Re: [Sidrops] feedback on draft-michaelson-rpki-rta

Martin Hoffmann <martin@nlnetlabs.nl> Tue, 02 February 2021 16:56 UTC

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Date: Tue, 2 Feb 2021 17:56:08 +0100
From: Martin Hoffmann <martin@nlnetlabs.nl>
To: Job Snijders <job=40fastly.com@dmarc.ietf.org>
Cc: sidrops@ietf.org
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Subject: Re: [Sidrops] feedback on draft-michaelson-rpki-rta
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Job Snijders wrote:
> 
> I've consulted with various subject matter experts, and at George's
> request I again reconsidered. Unfortunately I could not arrive at a
> different conclusion about the current RTA proposal, it is too
> complicated for me to support.

There’s a detail I would like to point out: You can only use the
existing software more or less unchanged if you distribute RTAs through
the regular RPKI repository system. I think doing so is a bad idea
for two reasons.

For one, an RTA is an exchange between a very small number of
participants -- typically just two --, but distribution via the RPKI
repository system results in every single relying party having to
downloading the object. That strikes me as rather wasteful. At the very
least relying parties need to download the object and calculate a hash
over them to determine whether the manifest is valid. Every one needs
to do that. Yet only really one or two parties actually care.

Second, distribution through the RPKI repository is actually quite
cumbersome as it involves a kind of break of gauge: You exchange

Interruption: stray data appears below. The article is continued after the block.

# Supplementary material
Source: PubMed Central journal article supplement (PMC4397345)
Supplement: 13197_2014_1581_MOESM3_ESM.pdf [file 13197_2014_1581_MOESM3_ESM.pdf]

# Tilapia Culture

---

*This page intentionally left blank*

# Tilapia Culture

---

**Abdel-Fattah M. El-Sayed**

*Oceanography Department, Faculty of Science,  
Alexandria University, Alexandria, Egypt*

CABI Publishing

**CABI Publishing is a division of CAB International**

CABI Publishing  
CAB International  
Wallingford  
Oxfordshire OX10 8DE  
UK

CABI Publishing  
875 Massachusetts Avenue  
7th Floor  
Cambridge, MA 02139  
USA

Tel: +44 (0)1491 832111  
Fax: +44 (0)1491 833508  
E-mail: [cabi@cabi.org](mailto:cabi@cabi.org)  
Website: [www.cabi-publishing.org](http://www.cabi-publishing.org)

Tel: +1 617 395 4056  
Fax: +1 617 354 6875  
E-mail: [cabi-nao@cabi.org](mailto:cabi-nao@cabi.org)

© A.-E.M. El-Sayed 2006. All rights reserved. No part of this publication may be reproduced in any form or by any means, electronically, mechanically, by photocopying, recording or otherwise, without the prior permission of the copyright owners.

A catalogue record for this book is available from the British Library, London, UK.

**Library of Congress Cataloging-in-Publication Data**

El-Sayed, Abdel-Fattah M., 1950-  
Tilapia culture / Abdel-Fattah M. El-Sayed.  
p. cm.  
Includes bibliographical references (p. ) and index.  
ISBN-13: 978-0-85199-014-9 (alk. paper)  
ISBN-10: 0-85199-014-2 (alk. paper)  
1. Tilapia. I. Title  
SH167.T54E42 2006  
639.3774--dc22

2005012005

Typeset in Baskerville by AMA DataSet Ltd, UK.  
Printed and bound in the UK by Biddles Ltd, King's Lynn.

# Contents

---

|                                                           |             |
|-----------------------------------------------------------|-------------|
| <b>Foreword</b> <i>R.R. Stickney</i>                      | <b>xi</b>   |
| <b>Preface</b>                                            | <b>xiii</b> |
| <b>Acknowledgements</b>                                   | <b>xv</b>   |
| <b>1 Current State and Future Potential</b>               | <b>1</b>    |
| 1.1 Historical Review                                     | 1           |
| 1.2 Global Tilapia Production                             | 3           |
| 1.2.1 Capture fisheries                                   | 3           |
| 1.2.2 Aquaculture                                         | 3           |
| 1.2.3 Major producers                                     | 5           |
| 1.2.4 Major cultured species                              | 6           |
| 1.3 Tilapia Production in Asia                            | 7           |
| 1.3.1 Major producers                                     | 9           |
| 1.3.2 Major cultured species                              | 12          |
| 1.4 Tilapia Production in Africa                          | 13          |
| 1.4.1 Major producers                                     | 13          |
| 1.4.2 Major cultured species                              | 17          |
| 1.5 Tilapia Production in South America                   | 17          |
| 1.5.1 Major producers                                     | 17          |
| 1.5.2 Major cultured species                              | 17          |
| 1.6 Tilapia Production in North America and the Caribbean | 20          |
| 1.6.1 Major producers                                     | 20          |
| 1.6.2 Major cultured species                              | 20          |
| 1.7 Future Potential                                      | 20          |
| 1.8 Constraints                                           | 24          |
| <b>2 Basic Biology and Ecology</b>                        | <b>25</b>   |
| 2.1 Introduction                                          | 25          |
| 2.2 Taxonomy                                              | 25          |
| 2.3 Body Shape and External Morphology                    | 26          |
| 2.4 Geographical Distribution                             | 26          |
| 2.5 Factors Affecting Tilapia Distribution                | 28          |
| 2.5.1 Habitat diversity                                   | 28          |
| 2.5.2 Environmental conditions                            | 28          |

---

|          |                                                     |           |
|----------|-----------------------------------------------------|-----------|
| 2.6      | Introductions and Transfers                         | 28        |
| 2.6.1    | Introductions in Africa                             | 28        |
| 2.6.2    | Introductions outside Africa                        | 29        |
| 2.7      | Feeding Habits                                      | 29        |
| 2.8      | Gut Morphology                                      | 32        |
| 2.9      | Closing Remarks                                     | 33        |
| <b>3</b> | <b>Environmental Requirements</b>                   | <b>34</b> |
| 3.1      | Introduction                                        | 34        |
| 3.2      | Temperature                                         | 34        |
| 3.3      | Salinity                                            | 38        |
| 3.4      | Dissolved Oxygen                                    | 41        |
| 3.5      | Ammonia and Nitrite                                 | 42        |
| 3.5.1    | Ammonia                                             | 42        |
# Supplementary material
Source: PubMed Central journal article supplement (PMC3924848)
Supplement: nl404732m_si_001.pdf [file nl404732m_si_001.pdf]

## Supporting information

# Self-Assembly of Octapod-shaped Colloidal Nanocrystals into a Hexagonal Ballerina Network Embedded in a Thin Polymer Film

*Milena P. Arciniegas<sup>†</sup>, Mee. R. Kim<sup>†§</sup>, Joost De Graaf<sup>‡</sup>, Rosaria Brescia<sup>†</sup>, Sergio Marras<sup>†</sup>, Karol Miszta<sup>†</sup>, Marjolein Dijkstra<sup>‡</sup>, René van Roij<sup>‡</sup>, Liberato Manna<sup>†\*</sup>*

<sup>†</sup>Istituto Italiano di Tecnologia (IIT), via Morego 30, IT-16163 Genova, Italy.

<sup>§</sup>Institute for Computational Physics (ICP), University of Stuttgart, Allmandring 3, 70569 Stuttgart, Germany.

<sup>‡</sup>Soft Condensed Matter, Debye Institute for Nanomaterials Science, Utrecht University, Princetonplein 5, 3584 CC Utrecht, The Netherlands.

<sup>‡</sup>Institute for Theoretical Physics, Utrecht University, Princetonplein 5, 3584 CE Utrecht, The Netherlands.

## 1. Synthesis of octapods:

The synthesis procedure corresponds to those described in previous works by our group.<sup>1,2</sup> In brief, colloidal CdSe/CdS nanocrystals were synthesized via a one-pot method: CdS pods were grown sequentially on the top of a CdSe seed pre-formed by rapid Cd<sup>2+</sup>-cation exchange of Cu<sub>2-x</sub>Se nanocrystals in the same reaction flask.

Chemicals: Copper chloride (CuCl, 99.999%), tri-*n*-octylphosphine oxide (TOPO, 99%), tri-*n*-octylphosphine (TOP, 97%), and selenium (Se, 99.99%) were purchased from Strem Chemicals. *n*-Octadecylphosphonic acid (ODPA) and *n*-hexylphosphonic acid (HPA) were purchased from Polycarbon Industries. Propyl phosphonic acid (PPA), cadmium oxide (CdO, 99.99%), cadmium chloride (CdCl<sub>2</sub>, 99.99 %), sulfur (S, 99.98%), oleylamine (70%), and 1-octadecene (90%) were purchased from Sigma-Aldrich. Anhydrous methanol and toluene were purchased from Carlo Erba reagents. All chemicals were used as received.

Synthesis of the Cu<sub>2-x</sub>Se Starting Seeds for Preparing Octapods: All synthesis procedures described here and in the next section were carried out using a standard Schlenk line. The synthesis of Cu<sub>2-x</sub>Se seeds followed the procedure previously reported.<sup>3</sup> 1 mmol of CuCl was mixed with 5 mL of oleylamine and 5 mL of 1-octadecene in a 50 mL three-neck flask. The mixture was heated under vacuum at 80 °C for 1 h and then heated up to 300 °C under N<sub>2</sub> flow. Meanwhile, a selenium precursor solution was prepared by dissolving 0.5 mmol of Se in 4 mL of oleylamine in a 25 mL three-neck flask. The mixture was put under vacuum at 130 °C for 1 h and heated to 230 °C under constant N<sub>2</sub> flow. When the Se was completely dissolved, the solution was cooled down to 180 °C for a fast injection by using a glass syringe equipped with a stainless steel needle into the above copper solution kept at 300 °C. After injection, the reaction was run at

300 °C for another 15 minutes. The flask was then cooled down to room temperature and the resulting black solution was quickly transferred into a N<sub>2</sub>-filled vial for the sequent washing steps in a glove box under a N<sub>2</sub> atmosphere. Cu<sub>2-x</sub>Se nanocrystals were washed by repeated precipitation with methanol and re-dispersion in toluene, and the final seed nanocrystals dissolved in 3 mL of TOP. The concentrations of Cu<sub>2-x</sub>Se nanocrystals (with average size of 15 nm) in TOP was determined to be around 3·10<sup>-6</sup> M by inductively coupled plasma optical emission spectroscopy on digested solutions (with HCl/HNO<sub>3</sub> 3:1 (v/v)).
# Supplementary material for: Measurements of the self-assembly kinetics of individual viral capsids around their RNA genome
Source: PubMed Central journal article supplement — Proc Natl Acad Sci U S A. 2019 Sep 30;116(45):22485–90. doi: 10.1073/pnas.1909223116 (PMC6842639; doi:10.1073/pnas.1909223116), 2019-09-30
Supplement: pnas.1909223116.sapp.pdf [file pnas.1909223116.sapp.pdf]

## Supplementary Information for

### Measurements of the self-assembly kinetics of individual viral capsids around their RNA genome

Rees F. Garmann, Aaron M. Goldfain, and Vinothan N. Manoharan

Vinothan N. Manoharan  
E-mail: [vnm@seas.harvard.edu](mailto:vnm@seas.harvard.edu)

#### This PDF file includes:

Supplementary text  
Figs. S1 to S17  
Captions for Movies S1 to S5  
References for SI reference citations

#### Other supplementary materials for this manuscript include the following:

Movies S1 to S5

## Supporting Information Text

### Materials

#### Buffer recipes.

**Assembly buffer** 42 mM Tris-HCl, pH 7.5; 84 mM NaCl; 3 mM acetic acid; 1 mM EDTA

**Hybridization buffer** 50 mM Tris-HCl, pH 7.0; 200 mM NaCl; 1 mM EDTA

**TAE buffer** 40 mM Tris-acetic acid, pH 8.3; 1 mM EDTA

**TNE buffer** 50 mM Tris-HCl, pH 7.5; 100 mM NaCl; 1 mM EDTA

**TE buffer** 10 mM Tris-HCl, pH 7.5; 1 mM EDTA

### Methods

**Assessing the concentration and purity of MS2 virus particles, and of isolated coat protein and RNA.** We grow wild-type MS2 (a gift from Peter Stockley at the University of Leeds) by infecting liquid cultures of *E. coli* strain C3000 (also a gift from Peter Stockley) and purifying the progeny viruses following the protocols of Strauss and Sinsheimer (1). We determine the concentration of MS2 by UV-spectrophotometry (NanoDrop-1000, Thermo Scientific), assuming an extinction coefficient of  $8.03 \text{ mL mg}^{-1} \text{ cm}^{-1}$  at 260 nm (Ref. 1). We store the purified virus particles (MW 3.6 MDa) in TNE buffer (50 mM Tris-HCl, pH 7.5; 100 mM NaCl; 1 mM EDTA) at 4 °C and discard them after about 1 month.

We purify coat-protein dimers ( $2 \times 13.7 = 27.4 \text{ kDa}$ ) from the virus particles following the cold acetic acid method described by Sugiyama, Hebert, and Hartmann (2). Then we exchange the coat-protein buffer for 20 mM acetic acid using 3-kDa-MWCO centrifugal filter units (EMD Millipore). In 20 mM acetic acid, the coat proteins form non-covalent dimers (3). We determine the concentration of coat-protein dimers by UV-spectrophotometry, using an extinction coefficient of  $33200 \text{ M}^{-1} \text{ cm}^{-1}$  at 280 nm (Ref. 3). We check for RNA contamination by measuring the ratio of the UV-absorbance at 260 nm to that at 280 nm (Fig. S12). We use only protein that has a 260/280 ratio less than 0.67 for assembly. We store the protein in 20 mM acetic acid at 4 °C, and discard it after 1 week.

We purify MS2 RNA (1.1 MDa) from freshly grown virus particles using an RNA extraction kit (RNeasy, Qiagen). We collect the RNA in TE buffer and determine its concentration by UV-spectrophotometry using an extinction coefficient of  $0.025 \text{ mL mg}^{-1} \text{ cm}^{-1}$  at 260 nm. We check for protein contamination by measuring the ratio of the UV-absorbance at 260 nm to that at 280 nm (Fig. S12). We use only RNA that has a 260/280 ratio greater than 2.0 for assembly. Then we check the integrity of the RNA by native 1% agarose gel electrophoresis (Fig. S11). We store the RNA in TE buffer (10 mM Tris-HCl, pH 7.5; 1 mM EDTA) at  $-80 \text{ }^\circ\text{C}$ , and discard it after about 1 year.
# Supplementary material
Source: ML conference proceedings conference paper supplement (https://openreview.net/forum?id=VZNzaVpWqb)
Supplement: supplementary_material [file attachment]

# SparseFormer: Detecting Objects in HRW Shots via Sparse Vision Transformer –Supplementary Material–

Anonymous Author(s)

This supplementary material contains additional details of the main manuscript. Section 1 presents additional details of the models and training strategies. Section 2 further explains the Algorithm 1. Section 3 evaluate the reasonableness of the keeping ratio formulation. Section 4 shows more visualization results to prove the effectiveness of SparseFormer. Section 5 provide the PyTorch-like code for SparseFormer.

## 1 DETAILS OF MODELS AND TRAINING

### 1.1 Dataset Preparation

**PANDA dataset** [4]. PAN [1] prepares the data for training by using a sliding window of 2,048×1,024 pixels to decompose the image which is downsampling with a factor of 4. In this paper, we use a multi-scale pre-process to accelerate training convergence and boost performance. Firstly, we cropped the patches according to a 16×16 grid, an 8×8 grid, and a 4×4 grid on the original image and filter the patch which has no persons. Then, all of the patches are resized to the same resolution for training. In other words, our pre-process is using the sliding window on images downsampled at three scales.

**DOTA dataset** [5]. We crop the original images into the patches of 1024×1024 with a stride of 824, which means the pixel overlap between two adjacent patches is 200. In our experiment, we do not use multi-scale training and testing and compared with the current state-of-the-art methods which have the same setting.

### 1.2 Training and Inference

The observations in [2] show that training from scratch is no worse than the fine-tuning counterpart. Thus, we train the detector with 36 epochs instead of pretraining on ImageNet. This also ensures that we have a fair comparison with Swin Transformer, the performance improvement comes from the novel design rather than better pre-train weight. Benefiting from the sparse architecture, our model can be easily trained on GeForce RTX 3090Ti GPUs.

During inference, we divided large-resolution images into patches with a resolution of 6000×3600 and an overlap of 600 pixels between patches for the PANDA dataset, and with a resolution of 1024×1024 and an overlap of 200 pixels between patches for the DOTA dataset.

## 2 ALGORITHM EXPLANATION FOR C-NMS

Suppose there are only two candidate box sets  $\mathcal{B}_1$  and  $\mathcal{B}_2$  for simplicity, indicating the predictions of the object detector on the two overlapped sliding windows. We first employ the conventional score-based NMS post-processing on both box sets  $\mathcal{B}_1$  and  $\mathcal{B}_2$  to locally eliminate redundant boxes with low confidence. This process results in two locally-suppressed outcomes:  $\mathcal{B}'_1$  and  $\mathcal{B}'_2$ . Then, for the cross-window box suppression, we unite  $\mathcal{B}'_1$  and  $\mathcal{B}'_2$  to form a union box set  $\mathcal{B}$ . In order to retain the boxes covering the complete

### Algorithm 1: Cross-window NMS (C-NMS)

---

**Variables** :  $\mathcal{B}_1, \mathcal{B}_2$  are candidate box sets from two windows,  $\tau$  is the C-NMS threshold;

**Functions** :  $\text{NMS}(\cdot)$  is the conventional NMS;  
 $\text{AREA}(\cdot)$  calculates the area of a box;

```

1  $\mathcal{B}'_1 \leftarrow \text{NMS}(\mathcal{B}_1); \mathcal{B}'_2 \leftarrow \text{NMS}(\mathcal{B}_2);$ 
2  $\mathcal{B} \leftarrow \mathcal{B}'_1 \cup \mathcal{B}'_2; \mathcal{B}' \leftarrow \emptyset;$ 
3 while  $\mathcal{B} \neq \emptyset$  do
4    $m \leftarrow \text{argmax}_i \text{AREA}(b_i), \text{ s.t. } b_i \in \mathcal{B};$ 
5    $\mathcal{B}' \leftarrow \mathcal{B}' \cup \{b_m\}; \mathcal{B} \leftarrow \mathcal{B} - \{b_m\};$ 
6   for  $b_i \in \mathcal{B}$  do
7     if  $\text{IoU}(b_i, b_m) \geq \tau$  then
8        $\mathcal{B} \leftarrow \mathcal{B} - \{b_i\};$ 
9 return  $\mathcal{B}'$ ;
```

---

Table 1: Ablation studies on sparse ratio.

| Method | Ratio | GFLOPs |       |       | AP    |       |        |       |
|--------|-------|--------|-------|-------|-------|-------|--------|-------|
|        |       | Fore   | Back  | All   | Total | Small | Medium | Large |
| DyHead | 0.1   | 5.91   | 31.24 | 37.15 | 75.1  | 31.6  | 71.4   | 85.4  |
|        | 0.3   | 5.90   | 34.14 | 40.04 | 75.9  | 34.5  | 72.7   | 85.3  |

documents in whatever way you choose (likely some kind of HTTP API) but
then have to stop, fire up an RPKI relying party tool and wait until it
sees the promised object. Because there uncertainties in timing of RPKI
publication, you need to be prepared to wait for quite a bit.

If, conversely, the RTA can be distributed by any other means, i.e., it
is just a file, it can be transferred as part of your document
exchange. Bundle it with your document for automated processing or
upload it manually via a browser. No waiting involved: both parties
know that the RTA has been transmitted.

But if you allow that, you can’t use RFC 6488 signed objects anymore --
or, well, not properly since at the very least you don’t have the a
signedObject SIA rsync URI anymore. (And yes, the current draft glances
over this fact.)

So, if you have to change your code anyway, why not allow it to deal
with a legitimate, existing use case?

In addition to allow multiple signatures, the draft also allows the
signer to include all necessary certificates and CRLs so that for
validation you wouldn’t even need to access the RPKI repository system
at all. Needless to say, doing that requires quite a bit of different
code but, I do believe that this is worth it, as it seriously
streamlines any process that involves validating RTAs as it can now be
done in a library pretty much without keeping state.  

  - Martin